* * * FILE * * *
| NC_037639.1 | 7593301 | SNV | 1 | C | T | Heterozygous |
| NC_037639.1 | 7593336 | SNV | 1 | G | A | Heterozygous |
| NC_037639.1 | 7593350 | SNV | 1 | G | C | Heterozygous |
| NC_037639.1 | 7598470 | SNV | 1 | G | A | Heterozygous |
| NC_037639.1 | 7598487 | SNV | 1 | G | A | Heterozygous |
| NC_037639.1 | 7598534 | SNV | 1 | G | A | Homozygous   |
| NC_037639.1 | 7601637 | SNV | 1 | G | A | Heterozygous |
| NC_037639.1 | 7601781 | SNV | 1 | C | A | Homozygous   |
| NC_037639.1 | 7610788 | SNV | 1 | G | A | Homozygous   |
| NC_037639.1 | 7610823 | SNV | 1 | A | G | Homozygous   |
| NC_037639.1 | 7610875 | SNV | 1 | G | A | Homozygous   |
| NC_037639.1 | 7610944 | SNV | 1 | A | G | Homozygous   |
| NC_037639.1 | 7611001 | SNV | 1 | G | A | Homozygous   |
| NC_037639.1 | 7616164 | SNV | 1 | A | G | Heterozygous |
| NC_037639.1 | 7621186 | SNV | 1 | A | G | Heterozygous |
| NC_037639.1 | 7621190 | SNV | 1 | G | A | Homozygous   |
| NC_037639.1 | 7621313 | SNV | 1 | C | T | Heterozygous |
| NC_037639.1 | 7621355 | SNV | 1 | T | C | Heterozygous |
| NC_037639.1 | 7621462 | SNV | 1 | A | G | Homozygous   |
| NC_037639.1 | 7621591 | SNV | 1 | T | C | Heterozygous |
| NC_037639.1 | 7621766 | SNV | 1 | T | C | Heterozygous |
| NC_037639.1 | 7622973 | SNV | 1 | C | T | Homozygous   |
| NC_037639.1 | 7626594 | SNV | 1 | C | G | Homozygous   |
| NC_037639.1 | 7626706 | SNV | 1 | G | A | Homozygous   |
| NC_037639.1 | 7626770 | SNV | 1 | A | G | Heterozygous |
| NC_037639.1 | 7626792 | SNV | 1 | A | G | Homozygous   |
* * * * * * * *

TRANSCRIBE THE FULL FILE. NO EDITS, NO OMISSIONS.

| NC_037639.1 | 7593301 | SNV | 1 | C | T | Heterozygous |
| NC_037639.1 | 7593336 | SNV | 1 | G | A | Heterozygous |
| NC_037639.1 | 7593350 | SNV | 1 | G | C | Heterozygous |
| NC_037639.1 | 7598470 | SNV | 1 | G | A | Heterozygous |
| NC_037639.1 | 7598487 | SNV | 1 | G | A | Heterozygous |
| NC_037639.1 | 7598534 | SNV | 1 | G | A | Homozygous   |
| NC_037639.1 | 7601637 | SNV | 1 | G | A | Heterozygous |
| NC_037639.1 | 7601781 | SNV | 1 | C | A | Homozygous   |
| NC_037639.1 | 7610788 | SNV | 1 | G | A | Homozygous   |
| NC_037639.1 | 7610823 | SNV | 1 | A | G | Homozygous   |
| NC_037639.1 | 7610875 | SNV | 1 | G | A | Homozygous   |
| NC_037639.1 | 7610944 | SNV | 1 | A | G | Homozygous   |
| NC_037639.1 | 7611001 | SNV | 1 | G | A | Homozygous   |
| NC_037639.1 | 7616164 | SNV | 1 | A | G | Heterozygous |
| NC_037639.1 | 7621186 | SNV | 1 | A | G | Heterozygous |
| NC_037639.1 | 7621190 | SNV | 1 | G | A | Homozygous   |
| NC_037639.1 | 7621313 | SNV | 1 | C | T | Heterozygous |
| NC_037639.1 | 7621355 | SNV | 1 | T | C | Heterozygous |
| NC_037639.1 | 7621462 | SNV | 1 | A | G | Homozygous   |
| NC_037639.1 | 7621591 | SNV | 1 | T | C | Heterozygous |
| NC_037639.1 | 7621766 | SNV | 1 | T | C | Heterozygous |
| NC_037639.1 | 7622973 | SNV | 1 | C | T | Homozygous   |
| NC_037639.1 | 7626594 | SNV | 1 | C | G | Homozygous   |
| NC_037639.1 | 7626706 | SNV | 1 | G | A | Homozygous   |
| NC_037639.1 | 7626770 | SNV | 1 | A | G | Heterozygous |
| NC_037639.1 | 7626792 | SNV | 1 | A | G | Homozygous   |